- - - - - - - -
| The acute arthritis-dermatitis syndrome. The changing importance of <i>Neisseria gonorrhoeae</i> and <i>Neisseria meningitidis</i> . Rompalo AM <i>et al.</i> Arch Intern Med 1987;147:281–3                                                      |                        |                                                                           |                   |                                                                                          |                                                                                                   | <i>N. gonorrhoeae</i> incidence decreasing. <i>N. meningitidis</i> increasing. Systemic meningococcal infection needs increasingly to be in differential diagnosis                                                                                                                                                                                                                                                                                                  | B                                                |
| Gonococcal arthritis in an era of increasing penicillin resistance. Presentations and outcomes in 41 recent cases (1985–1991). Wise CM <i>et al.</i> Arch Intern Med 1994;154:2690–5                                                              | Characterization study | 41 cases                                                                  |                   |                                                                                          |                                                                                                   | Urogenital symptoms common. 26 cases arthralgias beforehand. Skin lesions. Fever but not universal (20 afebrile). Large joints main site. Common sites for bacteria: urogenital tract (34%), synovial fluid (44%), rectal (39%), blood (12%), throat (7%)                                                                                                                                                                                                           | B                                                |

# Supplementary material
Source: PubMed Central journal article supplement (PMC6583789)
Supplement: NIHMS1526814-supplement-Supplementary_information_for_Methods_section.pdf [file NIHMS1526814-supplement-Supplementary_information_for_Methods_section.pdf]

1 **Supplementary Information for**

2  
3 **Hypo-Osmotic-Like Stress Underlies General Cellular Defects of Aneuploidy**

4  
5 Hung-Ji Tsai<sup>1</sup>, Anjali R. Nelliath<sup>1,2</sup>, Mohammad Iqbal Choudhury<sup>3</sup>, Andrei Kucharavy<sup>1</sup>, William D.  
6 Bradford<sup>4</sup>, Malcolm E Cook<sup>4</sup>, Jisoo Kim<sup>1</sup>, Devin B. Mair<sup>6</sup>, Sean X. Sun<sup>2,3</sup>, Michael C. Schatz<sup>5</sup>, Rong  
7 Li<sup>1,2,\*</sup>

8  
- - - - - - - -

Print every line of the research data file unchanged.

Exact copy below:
| The acute arthritis-dermatitis syndrome. The changing importance of <i>Neisseria gonorrhoeae</i> and <i>Neisseria meningitidis</i> . Rompalo AM <i>et al.</i> Arch Intern Med 1987;147:281–3                                                      |                        |                                                                           |                   |                                                                                          |                                                                                                   | <i>N. gonorrhoeae</i> incidence decreasing. <i>N. meningitidis</i> increasing. Systemic meningococcal infection needs increasingly to be in differential diagnosis                                                                                                                                                                                                                                                                                                  | B                                                |
| Gonococcal arthritis in an era of increasing penicillin resistance. Presentations and outcomes in 41 recent cases (1985–1991). Wise CM <i>et al.</i> Arch Intern Med 1994;154:2690–5                                                              | Characterization study | 41 cases                                                                  |                   |                                                                                          |                                                                                                   | Urogenital symptoms common. 26 cases arthralgias beforehand. Skin lesions. Fever but not universal (20 afebrile). Large joints main site. Common sites for bacteria: urogenital tract (34%), synovial fluid (44%), rectal (39%), blood (12%), throat (7%)                                                                                                                                                                                                           | B                                                |

# Supplementary material
Source: PubMed Central journal article supplement (PMC6583789)
Supplement: NIHMS1526814-supplement-Supplementary_information_for_Methods_section.pdf [file NIHMS1526814-supplement-Supplementary_information_for_Methods_section.pdf]

1 **Supplementary Information for**

2  
3 **Hypo-Osmotic-Like Stress Underlies General Cellular Defects of Aneuploidy**

4  
5 Hung-Ji Tsai<sup>1</sup>, Anjali R. Nelliath<sup>1,2</sup>, Mohammad Iqbal Choudhury<sup>3</sup>, Andrei Kucharavy<sup>1</sup>, William D.  
6 Bradford<sup>4</sup>, Malcolm E Cook<sup>4</sup>, Jisoo Kim<sup>1</sup>, Devin B. Mair<sup>6</sup>, Sean X. Sun<sup>2,3</sup>, Michael C. Schatz<sup>5</sup>, Rong  
7 Li<sup>1,2,\*</sup>

8  